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Sports >  Seattle Seahawks

Seahawks know Green Bay QB Aaron Rodgers stands out as master at tricking linemen

FILE - In this Nov. 6, 2016, file photo, Green Bay Packers' Aaron Rodgers throws during the first half of an NFL football game against the Indianapolis Colts, in Green Bay, Wis. The Packers need to beat the Seahawks on Sunday to keep pace with first-place Detroit in the NFC North. (Jeffrey Phelps / Associated Press)
FILE - In this Nov. 6, 2016, file photo, Green Bay Packers' Aaron Rodgers throws during the first half of an NFL football game against the Indianapolis Colts, in Green Bay, Wis. The Packers need to beat the Seahawks on Sunday to keep pace with first-place Detroit in the NFC North. (Jeffrey Phelps / Associated Press)
By Gregg Bell Tacoma News Tribune

GREEN BAY, Wis. – It’s not so much what the Seahawks will see from Aaron Rodgers that will determine if they clinch their division’s championship in Week 14.

It’s what they’ll hear.

The key to Sunday’s game between Seattle (8-3-1) and Green Bay (6-6) here at wintry Lambeau Field may be the two-time NFL Most Valuable Player’s voice.

Rodgers is renowned inside the league for his hard, “double” snap counts. He shouts loud, fake signal calls at defensive linemen to get them to jump offside before the snap. When they do he continues what amounts to a free play, knowing the defense is about to get penalized no matter what happens on the rest of the down.

There is about as much a chance a Seahawk jumps offside and gives Rodgers a free shot down the field as what everyone in Seattle talked all this past week: Forecasts are calling for snow accumulating anywhere from 1-5 inches here during the afternoon.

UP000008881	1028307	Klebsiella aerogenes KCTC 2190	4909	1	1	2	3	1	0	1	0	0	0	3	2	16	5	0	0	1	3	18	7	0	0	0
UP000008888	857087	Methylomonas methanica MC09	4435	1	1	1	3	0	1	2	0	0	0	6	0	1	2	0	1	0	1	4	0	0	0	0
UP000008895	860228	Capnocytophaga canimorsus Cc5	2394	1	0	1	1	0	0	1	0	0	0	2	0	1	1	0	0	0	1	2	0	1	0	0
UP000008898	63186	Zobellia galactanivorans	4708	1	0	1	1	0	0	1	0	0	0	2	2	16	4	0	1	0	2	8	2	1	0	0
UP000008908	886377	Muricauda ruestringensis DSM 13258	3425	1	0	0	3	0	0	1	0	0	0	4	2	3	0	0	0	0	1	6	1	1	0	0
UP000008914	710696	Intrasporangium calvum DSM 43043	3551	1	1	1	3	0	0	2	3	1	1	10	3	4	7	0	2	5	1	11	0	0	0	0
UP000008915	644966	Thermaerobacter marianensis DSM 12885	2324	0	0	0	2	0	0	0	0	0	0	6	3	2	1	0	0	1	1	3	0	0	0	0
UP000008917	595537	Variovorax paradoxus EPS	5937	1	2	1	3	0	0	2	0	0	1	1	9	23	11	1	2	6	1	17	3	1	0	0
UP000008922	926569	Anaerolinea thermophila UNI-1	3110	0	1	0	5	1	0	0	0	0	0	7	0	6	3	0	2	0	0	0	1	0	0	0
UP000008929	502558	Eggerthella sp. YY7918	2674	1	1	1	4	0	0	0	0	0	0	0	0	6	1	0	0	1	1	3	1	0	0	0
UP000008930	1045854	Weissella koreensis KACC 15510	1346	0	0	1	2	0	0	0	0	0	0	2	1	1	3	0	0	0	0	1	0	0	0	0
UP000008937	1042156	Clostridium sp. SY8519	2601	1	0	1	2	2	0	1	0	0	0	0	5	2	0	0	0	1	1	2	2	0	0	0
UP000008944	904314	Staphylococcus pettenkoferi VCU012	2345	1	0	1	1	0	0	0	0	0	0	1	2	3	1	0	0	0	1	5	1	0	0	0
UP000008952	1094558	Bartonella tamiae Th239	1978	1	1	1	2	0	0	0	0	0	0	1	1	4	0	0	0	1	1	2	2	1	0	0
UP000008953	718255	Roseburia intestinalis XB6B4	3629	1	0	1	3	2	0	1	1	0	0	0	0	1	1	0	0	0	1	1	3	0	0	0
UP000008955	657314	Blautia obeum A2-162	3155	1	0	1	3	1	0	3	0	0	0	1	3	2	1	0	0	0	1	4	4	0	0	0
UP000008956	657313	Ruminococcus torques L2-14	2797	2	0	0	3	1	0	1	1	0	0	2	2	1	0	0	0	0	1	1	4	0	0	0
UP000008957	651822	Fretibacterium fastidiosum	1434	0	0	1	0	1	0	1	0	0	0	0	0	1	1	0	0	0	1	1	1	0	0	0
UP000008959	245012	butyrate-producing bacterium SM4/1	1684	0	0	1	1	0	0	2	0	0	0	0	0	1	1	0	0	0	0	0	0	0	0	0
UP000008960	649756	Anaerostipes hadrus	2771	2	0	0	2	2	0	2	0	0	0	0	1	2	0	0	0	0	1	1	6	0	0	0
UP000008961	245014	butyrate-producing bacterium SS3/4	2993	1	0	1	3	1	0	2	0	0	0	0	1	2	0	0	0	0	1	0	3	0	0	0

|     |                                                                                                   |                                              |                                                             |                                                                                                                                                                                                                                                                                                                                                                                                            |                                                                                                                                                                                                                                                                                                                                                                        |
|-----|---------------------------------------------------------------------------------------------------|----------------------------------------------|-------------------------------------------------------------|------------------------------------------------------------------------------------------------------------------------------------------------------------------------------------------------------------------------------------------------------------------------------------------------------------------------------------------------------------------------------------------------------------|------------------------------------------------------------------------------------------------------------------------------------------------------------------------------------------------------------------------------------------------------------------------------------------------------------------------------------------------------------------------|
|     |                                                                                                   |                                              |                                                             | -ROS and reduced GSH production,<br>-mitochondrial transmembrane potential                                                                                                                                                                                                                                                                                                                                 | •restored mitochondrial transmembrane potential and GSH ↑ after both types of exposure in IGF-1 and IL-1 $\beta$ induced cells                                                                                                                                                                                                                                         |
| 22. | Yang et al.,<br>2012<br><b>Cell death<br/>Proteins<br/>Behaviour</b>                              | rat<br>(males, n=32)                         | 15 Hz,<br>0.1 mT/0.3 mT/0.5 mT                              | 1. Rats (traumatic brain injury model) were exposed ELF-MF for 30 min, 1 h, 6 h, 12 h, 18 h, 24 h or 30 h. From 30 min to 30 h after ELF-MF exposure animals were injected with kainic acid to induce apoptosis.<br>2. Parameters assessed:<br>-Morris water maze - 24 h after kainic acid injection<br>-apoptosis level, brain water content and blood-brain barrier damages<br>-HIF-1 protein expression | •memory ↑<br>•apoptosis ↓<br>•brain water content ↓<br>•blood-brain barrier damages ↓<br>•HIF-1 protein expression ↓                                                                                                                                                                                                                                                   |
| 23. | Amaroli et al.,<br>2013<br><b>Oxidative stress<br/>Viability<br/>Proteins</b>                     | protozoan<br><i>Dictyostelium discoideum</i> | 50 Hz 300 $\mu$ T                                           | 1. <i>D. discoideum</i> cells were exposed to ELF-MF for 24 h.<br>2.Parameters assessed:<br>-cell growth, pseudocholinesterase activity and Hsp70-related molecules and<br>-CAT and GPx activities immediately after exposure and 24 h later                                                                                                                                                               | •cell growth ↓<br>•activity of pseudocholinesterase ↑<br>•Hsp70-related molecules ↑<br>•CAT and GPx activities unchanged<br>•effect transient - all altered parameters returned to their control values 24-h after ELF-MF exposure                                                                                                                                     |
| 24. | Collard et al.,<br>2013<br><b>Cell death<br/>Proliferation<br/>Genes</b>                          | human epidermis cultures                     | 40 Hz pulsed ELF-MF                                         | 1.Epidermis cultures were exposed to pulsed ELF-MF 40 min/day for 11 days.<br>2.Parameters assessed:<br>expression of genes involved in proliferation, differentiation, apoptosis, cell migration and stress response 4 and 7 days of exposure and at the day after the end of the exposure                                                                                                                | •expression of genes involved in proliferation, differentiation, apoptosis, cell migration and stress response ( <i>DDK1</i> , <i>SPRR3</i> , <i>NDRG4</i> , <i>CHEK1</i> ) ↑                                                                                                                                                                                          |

New England Patriots coach Bill Belichick, in assessing quarterbacks and hard counts, has said he thinks Rodgers is “probably the best at it.”

Seahawks defensive tackle Tony McDaniel sees no “probably” about it.

“Aaron Rodgers is the best at it,” said McDaniel, an 11-year veteran – and one of many past victims of the Packer’s ploy. “There is some stat out there that he’s gotten the most guys offside because of his hard count.”

Why, yes there is. Last season Rodgers co-led the league drawing 17 offside penalties. This year it’s been 12 such flags in 12 games.

“It’s aggressive. It’s tricky. And he stays consistent throughout the ball game,” McDaniel said. “Eventually, someone will break during the game. He’s even get some of his offensive linemen offside, he does it so well.

“It could be any, given time.”

Rodgers does it in obvious situations, such as third and less than 5 when an offside penalty would give Green Bay a gift first down. He’s also done it against Seattle on second-and-17, first-and-15 … whenever.

That’s because it’s not just the 5 free yards Rodgers gets his offense with the flags. It’s the free plays.

If his linemen don’t move when a defender enters the neutral zone, that allows the play to continue while the defender that jumped offside jumps back to his side of the line. Officials throw flags, but it is a live-ball foul if the defender is not running unabated to Rodgers. (So there’s the anecdote: if you jump offside, keep going in a beeline to the quarterback to negate the free play).

When Rodgers, a 12-year veteran who learned from Brett Favre the game’s edges, continues on offside plays he takes the snap for that free play. Emboldened, he often chucks the ball downfield.

It’s no risk, all reward. If his pass is intercepted on such a play, the offside penalty from the beginning of the down will wipe out the turnover. If it’s caught – voila! – penalty declined, big gain or touchdown accepted by the grinning Packers.

“Aaron Rodgers makes a living off of free plays,” Seahawks All-Pro cornerback Richard Sherman said. “He’s one of the most adept at it probably in league history, drawing people off sides and getting deep penalties on people, pass interference.”

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